Continuities and changes in military organization and technology is a second major theme to which this volume makes a major contribution. The final three papers in the book are especially rich in this regard and largely show slow or abortive adoption of military innovation. Hans Hagerdal emphasizes the organizational aspect by showing that, in the case of Bali, alliances were often more crucial to the outcome of an armed conflict rather than technological competence. Precolonial Bali had some features of a gunpowder state and expansive ambitions that waxed and waned, but cannons and muskets were not decisive advantages, at least until the nineteenth century. Michael Charney analyzes the blind spots of court chronicles as a source for insights on warfare. He cites instead the British pacification campaigns of 1885 as a “perhaps the only campaign in mainland Southeast Asia where we have indigenous warfare but no indigenous court” (p. 168). This approach of using a conflict with a colonial power as a window into precolonial military structures might be debatable given that it predisposes continuity rather than change. Nonetheless, Charney’s study persuasively yields insights into the military activity of small, rural folk that has hitherto been missed when attention is paid to the court standing army. His argument does indeed spotlight continuity, as he argues that “the Burmese army remained to the end a small royal standing army in a sea of armed rural folk” (p. 181). Gerrit Knaap, in the book’s final chapter, similarly suggests a certain stasis. He surveys military capacities of the Pacific Rimlands stretching from Taiwan to Timor and ultimately upholds the scholarly view that they were indeed “far behind the forefront in the ‘Asian military revolution’” (p. 200).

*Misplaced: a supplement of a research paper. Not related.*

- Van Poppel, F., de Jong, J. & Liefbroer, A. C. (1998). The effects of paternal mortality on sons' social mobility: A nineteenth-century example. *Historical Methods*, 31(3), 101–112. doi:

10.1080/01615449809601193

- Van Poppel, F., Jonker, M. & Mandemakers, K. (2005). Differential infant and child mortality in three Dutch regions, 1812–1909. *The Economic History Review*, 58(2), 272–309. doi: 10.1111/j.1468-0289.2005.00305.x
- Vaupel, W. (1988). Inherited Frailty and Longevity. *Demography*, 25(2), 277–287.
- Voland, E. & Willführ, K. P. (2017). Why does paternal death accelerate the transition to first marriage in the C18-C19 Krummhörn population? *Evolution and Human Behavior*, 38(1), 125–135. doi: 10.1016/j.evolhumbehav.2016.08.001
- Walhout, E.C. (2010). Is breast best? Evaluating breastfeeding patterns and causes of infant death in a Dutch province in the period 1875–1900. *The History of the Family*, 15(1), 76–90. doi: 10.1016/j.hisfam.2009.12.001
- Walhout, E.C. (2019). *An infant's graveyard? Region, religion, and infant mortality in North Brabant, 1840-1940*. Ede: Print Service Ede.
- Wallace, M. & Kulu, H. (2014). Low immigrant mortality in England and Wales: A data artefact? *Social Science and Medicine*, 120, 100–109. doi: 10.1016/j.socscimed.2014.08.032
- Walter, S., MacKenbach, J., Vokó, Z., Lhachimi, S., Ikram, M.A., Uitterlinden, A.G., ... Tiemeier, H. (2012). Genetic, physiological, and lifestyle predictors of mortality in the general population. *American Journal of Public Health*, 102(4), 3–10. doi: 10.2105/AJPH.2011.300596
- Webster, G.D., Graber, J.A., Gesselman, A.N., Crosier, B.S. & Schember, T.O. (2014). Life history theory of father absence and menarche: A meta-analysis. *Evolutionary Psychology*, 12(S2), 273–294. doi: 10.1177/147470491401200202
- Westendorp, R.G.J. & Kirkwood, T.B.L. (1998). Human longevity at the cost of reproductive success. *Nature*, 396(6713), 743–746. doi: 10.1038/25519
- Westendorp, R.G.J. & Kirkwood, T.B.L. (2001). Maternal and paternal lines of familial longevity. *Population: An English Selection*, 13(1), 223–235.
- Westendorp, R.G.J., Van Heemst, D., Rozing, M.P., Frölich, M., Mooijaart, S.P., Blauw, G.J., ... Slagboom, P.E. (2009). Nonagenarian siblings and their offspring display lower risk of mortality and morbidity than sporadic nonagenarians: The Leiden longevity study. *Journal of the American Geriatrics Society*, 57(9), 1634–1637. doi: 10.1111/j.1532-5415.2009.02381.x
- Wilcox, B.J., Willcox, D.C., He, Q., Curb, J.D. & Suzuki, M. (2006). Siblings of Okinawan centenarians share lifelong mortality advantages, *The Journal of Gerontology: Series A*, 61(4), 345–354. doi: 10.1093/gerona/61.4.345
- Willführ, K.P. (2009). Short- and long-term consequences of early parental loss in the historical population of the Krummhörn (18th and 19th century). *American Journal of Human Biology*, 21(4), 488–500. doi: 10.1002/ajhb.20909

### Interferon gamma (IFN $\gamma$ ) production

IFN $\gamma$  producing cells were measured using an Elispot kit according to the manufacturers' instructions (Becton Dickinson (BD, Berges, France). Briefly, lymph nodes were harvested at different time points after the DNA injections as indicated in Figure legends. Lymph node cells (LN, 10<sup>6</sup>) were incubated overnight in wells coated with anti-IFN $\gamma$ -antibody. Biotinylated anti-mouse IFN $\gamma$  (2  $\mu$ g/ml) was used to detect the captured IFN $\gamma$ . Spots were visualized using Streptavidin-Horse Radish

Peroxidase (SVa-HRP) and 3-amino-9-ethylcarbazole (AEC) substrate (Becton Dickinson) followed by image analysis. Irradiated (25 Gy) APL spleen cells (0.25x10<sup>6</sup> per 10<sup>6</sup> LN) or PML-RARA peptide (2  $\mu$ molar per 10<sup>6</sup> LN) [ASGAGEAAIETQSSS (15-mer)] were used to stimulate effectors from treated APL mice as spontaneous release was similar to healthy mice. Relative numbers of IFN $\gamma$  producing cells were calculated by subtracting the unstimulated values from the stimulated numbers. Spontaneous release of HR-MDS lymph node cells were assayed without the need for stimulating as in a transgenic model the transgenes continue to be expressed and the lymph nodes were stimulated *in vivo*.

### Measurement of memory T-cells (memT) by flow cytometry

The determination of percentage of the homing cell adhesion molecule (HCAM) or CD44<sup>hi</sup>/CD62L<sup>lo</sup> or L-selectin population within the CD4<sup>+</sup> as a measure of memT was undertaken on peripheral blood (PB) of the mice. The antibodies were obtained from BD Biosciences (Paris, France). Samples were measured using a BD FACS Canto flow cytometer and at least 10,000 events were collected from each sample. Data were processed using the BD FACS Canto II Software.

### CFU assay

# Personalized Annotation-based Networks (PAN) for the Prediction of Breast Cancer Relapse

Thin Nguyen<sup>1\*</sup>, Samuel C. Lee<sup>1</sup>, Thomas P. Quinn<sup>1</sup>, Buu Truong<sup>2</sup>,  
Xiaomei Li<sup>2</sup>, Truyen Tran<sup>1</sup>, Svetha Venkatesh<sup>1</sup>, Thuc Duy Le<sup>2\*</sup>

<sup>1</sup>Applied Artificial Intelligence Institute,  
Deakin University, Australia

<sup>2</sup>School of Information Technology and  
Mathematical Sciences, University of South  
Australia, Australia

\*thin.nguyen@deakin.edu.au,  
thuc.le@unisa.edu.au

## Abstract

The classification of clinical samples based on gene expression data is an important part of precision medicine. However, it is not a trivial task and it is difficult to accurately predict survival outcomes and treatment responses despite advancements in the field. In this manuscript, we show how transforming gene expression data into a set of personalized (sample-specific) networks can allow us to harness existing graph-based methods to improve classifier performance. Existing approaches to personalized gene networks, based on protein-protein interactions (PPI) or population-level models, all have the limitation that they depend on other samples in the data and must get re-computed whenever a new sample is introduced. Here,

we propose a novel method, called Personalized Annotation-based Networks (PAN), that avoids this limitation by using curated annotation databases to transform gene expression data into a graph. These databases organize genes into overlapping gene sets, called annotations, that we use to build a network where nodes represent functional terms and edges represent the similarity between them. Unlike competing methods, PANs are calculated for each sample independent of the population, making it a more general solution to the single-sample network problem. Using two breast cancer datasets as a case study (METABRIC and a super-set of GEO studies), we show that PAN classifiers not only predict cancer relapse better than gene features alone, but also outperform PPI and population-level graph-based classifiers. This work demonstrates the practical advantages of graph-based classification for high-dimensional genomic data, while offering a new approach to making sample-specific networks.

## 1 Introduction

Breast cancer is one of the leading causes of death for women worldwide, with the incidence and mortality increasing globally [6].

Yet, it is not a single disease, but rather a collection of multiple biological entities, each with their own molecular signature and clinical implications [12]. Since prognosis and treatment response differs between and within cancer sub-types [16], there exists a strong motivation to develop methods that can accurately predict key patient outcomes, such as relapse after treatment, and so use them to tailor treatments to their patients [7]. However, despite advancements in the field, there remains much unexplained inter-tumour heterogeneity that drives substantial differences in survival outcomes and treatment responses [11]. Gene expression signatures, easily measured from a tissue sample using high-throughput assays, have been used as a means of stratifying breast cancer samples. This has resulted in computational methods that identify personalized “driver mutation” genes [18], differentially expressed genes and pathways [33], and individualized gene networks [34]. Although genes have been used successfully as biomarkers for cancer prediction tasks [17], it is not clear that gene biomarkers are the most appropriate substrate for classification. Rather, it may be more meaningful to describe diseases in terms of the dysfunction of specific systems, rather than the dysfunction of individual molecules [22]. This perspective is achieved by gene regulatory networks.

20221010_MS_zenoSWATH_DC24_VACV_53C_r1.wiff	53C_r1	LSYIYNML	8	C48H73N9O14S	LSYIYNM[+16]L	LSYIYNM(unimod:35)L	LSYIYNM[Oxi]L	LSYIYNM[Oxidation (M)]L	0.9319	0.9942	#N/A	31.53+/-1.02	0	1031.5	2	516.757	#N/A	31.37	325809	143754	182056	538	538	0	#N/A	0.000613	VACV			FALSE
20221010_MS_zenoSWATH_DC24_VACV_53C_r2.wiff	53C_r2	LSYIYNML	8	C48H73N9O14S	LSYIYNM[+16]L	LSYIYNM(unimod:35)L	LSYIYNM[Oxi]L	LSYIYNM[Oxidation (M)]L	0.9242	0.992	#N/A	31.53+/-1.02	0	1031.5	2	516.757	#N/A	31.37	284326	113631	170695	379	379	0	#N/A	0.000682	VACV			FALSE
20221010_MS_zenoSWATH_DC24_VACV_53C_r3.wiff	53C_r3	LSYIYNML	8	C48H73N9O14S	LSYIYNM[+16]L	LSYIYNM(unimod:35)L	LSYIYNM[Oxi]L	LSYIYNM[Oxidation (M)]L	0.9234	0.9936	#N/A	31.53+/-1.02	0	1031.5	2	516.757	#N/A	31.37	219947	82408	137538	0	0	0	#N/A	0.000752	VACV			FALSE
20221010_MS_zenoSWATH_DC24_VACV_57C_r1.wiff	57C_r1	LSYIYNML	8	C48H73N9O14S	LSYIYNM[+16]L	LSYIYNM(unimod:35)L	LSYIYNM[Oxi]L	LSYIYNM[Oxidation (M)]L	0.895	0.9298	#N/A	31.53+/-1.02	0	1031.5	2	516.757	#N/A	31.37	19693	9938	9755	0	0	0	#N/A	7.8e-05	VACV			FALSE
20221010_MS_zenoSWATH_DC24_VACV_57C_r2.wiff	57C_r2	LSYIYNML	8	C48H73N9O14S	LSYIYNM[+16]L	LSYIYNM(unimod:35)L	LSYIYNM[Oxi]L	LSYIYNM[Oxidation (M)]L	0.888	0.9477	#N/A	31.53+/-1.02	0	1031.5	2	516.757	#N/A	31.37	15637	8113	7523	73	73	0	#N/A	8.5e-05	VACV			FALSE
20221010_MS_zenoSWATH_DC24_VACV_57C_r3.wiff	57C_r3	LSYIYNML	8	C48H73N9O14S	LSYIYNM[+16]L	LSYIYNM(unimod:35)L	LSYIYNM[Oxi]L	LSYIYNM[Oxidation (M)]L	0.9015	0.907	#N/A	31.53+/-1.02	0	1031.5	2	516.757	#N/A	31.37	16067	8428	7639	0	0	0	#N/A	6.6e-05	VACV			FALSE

The volume certainly succeeds in its aim to empirically enhance the diversity of warfare studies in precolonial Southeast Asia and will provide useful teaching material for upper-level students immersed in the region. It also highlights major gaps in the field, as some authors identify but do not delve into lines of inquiry such as the environmental influence on war or philosophical underpinnings of warfare. These topics could be productively taken up in the future. Moreover, beyond its aim, the book raises the question of how this diversity could be best integrated with world history narratives. Perhaps wisely, it eschews the term “early modern” and its picture of stasis in wartime innovations. Does this indicate that Southeast Asia lies outside the general world trends in building up state and military capacity in the long eighteenth century? Put differently, if Southeast Asia is not really part of the gunpowder revolution and is best understood as affiliated, interrelated polities rather than states until the late nineteenth century, then can we speak meaningfully of an early modern Southeast Asia? It is a question that should be considered in future work as this subfield of military history regains some energy.
Citation: Faizah B. Zakaria. Review of Charney, Michael W.; Wellen, Kathryn, eds., Warring Societies of Pre-colonial Southeast Asia: Local Cultures of Conflict Within a Regional Context. H-Asia, H-Net Reviews. July, 2020. URL: http://www.h-net.org/reviews/showrev.php?id=55108This work is licensed under a Creative Commons Attribution-Noncommercial-No Derivative Works 3.0 United States License.